Why don’t transgender people get counseling to accept the gender they were assigned at birth?
Counseling aimed at changing someone’s gender identity, sometimes known as conversion therapy, doesn’t work and can be extremely harmful. The belief that someone’s gender identity can be changed through therapy runs counter to the overwhelming consensus in the medical community. Telling someone that a core part of who they are is wrong or delusional and forcing them to change it is dangerous, sometimes leading to lasting depression, substance abuse, self-hatred and even suicide. Because of this, a growing number of states have made it illegal for licensed therapists to try to change a young person’s gender identity (laws apply to those under 18). However, many transgender people find it helpful to get counseling to help them decide when to tell the world they are transgender and deal with the repercussions of stigma and discrimination that comes afterward.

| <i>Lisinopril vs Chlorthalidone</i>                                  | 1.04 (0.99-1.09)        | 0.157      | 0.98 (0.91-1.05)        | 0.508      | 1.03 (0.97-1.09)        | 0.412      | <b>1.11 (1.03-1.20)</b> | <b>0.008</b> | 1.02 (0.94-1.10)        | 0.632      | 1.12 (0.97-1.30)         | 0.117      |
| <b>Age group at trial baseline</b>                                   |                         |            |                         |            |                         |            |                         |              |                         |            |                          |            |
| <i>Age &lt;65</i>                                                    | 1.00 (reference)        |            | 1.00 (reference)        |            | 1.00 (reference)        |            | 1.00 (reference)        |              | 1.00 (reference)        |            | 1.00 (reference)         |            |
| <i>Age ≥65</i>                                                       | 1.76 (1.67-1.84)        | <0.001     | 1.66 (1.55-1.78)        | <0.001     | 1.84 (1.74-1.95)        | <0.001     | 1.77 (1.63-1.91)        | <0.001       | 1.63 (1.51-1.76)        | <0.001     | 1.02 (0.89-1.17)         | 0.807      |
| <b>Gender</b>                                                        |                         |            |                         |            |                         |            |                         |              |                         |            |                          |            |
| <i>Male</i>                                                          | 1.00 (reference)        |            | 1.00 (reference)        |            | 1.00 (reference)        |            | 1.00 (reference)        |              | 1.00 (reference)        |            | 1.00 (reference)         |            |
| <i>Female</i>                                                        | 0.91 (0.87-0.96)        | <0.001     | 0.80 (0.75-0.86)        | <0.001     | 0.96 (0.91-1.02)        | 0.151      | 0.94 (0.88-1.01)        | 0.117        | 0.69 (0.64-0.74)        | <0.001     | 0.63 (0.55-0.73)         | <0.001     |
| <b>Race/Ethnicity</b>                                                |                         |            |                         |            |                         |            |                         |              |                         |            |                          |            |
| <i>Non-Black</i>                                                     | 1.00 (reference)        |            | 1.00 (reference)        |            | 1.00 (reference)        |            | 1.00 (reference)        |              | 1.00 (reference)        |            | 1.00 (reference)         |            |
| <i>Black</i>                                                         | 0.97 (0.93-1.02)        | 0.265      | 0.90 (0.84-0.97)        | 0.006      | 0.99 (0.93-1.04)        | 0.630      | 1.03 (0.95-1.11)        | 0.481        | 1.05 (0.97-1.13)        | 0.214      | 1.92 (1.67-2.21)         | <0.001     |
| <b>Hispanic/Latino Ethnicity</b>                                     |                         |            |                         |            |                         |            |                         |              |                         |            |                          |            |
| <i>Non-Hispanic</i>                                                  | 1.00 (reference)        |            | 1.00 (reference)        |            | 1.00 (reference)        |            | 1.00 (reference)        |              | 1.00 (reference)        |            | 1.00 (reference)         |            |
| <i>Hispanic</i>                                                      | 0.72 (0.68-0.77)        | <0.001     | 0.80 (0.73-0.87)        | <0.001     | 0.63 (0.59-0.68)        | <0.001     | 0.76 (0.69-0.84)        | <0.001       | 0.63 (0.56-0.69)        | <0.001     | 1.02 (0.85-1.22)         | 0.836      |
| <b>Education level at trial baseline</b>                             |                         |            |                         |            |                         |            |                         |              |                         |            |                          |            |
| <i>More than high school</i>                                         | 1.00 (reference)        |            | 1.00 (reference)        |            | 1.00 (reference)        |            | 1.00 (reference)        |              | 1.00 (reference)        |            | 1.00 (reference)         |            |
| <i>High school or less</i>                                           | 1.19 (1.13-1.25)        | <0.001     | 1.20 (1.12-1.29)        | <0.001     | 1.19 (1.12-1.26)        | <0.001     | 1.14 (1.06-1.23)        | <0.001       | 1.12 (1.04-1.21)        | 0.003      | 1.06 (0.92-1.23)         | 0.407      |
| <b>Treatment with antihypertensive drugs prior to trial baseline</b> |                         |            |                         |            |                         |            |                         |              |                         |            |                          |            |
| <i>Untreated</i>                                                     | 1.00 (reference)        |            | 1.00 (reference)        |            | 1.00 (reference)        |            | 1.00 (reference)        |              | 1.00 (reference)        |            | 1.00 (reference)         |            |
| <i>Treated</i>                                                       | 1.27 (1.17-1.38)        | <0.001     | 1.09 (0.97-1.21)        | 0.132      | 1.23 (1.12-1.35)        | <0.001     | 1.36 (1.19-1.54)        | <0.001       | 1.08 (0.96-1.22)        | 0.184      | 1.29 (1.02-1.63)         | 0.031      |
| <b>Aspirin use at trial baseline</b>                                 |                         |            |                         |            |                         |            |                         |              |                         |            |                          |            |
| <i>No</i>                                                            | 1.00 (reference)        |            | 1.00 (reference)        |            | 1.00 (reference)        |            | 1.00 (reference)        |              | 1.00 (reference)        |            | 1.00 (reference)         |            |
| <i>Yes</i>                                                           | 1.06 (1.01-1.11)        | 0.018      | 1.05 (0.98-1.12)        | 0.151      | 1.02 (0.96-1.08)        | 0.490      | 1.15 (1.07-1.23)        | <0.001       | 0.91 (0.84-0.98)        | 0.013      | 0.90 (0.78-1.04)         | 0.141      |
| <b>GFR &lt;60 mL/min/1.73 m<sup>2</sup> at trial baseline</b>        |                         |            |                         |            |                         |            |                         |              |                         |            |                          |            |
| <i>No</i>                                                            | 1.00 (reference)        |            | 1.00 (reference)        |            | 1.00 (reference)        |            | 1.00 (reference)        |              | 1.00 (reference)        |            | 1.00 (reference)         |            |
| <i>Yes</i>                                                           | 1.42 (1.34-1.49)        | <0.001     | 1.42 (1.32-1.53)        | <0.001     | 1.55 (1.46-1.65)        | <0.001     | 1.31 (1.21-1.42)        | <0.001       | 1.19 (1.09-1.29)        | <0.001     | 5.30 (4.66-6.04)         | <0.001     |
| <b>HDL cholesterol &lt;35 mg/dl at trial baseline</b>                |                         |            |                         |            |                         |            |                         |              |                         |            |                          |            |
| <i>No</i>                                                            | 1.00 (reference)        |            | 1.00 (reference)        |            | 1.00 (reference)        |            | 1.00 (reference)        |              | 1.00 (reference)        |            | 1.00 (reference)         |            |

What does "gender transition" mean?
Transitioning is the time period during which a person begins to live according to their gender identity, rather than the gender they were thought to be at birth. While not all transgender people transition, a great many do at some point in their lives. Gender transition looks different for every person. Possible steps in a gender transition may or may not include changing your clothing, appearance, name, or the pronoun people use to refer to you (like “she,” “he,” or “they”). Some people are able to change their identification documents, like their driver’s license or passport, to reflect their gender. And some people undergo hormone therapy or other medical procedures to change their physical characteristics and make their body better reflect the gender they know themselves to be.